On the Bright quilt, I decided to keep it very simple, stitch in the ditch all  over, then the middle of each row in both directions.  On the border, I used a cable stencil and chalk powder,  I should have taken more time to carefully plan those cables, some places have a wonky join.  Not taking that out, either:


Binding can be made from bias-cut fabric or cross-grain fabric.  I did one of each.  For the traditional quilt, I cut the border fabric  into 2.5" strips.  For the bright quilt, I used the border stripe, but cut it on the bias.  I like how striped fabric looks as binding.

To determine how much binding you need, measure the perimeter of the quilt and add 12".  The extra gives you enough fabric for the joins and the turn the corners.  The traditional quilt is 32" x 40", making the perimeter 144" + 12" = 156.  Divide that by 40" to get the number of strips you need=3.9, rounded up to 4 strips. The strips are cut cross-grain, meaning from selvage to selvage, about 41"-42".  I cut mine 2.5" because I like that size binding, about 3/8" and I've done it enough to know that size fits my quilts.

For the bias strips, I cut a 45 degree bias cut about 24" long, then cut 2.5" strips in both directions until I had the amount of binding I needed.  The bright quilt is 33.5" x 42" so I needed 163".
First cut and two strips cut to the left of the first cut

Fabric folded up to allow one cut /strip. Ruler is placed at 7.5", then moved over to 5" and 2.5" to cut strips.

One additional strip was needed
I want the joins to be on the diagonal, making them far less bulky than if they were sewn straight.  I cut first. Place all the strips WRONG side up, cut a 45 degree cut from the upper left to the lower right:

Bias seam, pin if you need to, points stick out 3/8" on each end
After joining all the binding strips together with a bias seam, press the seams open, then fold the binding in half, wrong sides together, press the entire binding flat.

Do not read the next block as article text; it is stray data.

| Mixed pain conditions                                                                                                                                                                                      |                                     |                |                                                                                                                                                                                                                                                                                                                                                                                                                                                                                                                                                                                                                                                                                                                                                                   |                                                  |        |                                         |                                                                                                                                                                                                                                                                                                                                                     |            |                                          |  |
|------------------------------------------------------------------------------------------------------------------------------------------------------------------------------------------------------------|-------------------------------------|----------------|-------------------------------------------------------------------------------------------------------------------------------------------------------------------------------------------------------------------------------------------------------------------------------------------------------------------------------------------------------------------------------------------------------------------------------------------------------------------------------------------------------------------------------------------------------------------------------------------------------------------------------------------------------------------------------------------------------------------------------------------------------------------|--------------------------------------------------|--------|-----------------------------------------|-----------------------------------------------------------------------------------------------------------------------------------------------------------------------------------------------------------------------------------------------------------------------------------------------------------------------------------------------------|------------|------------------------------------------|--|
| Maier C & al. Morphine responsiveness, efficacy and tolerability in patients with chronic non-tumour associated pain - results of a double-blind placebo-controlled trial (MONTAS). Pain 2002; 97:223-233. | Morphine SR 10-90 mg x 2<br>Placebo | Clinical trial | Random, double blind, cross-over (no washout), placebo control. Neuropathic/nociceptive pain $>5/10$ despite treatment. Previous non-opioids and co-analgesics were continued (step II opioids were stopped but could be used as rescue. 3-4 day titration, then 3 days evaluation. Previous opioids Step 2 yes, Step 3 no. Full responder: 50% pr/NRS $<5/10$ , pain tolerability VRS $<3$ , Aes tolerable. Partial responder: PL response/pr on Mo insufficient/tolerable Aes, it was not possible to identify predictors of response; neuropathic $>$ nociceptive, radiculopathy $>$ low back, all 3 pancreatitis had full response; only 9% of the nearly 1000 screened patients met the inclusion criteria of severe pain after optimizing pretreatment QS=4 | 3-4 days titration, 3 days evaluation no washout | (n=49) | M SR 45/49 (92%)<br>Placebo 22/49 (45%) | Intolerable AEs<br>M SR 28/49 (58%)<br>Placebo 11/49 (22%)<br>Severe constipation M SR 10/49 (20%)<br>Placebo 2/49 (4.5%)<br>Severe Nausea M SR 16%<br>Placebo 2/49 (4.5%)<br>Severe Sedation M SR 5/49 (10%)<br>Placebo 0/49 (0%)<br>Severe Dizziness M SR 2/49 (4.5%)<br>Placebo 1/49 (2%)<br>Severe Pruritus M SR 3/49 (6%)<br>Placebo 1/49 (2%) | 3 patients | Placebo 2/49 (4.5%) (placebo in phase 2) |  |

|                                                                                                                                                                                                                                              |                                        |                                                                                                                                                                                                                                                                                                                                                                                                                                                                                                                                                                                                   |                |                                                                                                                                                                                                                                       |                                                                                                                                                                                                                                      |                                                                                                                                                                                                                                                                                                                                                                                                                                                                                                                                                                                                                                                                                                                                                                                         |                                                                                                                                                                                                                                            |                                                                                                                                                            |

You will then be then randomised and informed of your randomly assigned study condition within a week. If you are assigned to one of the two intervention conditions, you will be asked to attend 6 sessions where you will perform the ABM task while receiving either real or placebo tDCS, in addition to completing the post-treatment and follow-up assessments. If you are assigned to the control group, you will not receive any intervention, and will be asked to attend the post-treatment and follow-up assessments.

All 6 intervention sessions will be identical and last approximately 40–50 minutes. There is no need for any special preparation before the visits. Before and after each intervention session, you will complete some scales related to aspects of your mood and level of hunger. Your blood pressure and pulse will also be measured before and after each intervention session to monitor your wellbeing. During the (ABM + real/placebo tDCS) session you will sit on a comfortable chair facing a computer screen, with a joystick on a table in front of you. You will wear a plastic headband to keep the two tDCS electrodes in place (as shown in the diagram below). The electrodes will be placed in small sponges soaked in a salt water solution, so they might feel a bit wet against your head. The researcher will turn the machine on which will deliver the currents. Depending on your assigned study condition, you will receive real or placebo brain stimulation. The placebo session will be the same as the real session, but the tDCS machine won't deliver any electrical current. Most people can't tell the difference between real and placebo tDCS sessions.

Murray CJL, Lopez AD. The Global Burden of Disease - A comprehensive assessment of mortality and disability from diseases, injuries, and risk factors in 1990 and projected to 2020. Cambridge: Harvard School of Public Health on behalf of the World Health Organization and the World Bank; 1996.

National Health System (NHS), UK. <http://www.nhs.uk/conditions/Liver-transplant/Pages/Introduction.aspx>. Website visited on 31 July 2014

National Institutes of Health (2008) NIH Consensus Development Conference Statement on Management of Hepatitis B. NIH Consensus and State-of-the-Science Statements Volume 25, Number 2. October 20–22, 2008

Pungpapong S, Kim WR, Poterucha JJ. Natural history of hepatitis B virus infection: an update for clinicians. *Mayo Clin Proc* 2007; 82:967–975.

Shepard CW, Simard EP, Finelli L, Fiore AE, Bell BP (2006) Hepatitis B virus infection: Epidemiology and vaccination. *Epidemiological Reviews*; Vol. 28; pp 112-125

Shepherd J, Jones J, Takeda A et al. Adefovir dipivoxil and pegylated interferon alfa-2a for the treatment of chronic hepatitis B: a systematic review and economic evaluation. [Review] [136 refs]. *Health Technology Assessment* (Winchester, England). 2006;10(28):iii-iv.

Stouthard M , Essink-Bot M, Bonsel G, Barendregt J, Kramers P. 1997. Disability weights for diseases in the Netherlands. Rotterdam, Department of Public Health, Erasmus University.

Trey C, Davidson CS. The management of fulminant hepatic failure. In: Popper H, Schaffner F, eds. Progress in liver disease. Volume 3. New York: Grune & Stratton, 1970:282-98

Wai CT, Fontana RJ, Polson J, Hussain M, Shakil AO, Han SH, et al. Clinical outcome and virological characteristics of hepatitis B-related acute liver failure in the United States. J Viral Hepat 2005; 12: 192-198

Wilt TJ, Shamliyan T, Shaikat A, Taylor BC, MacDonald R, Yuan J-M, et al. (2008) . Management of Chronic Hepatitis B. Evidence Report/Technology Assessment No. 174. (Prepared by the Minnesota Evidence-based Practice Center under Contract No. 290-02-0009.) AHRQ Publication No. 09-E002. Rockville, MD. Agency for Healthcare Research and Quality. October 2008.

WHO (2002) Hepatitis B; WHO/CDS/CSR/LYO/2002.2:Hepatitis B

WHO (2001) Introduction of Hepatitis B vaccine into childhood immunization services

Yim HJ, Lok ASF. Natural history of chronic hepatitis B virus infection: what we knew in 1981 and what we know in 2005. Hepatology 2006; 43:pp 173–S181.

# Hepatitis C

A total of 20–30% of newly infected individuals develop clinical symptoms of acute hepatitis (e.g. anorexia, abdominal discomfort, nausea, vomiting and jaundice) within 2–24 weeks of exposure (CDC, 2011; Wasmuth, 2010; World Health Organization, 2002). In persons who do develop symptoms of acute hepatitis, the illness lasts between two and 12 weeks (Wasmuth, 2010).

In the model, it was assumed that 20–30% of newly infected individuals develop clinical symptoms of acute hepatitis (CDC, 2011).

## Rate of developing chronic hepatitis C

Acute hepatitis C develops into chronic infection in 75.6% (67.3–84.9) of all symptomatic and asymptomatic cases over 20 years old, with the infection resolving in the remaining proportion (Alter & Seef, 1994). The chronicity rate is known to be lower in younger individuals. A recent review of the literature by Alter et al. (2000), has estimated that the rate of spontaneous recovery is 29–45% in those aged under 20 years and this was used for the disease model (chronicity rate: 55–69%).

There is one more step now that will help me a lot at the end.  At the beginning end of the binding, I cut a 90 degree angle and draw a pencil line on the wrong side, from the upper left to the lower right:


 Trim the outer edges of the quilt square.  I use a ruler and measure from the border over to the edge, being sure to trim the outer edge precisely the same all around the quilt.  Here the 3.5" line on the ruler is placed on the inside edge of the border across the top and down the right side, giving me a perfectly square corner and borders that are exactly the same size, all the way around:

TIP:  lay out your quilt and check to see that the fabric joins will not fall at any of the four corners.  Whenever I take a "shortcut" and don't do this, I'm always sorry.  It only takes a minute or two to check and it's easy to move the starting place a bit to avoid that problem:

Binding pinned loosely in place to check corners

It is a good idea to check your seam allowance to be sure the binding will fit neatly over the edge of the quilt.  You are striving for an equal amount of binding on the top and bottom.  My 2.5" cut strips work well with a 3/8" seam allowance and I get that seam allowance with my walking foot attached and the needle position moved 4 clicks to the right.  To test yours, set a long stitch length, baste 4-5" of binding to the edge of the quilt, take it out of the machine and check it.  Make any adjustment necessary to get you the size binding you like.  NOTE:  I increase the stitch length to 3.0 mm--you will be sewing through 5 layers and a longer stitch is necessary.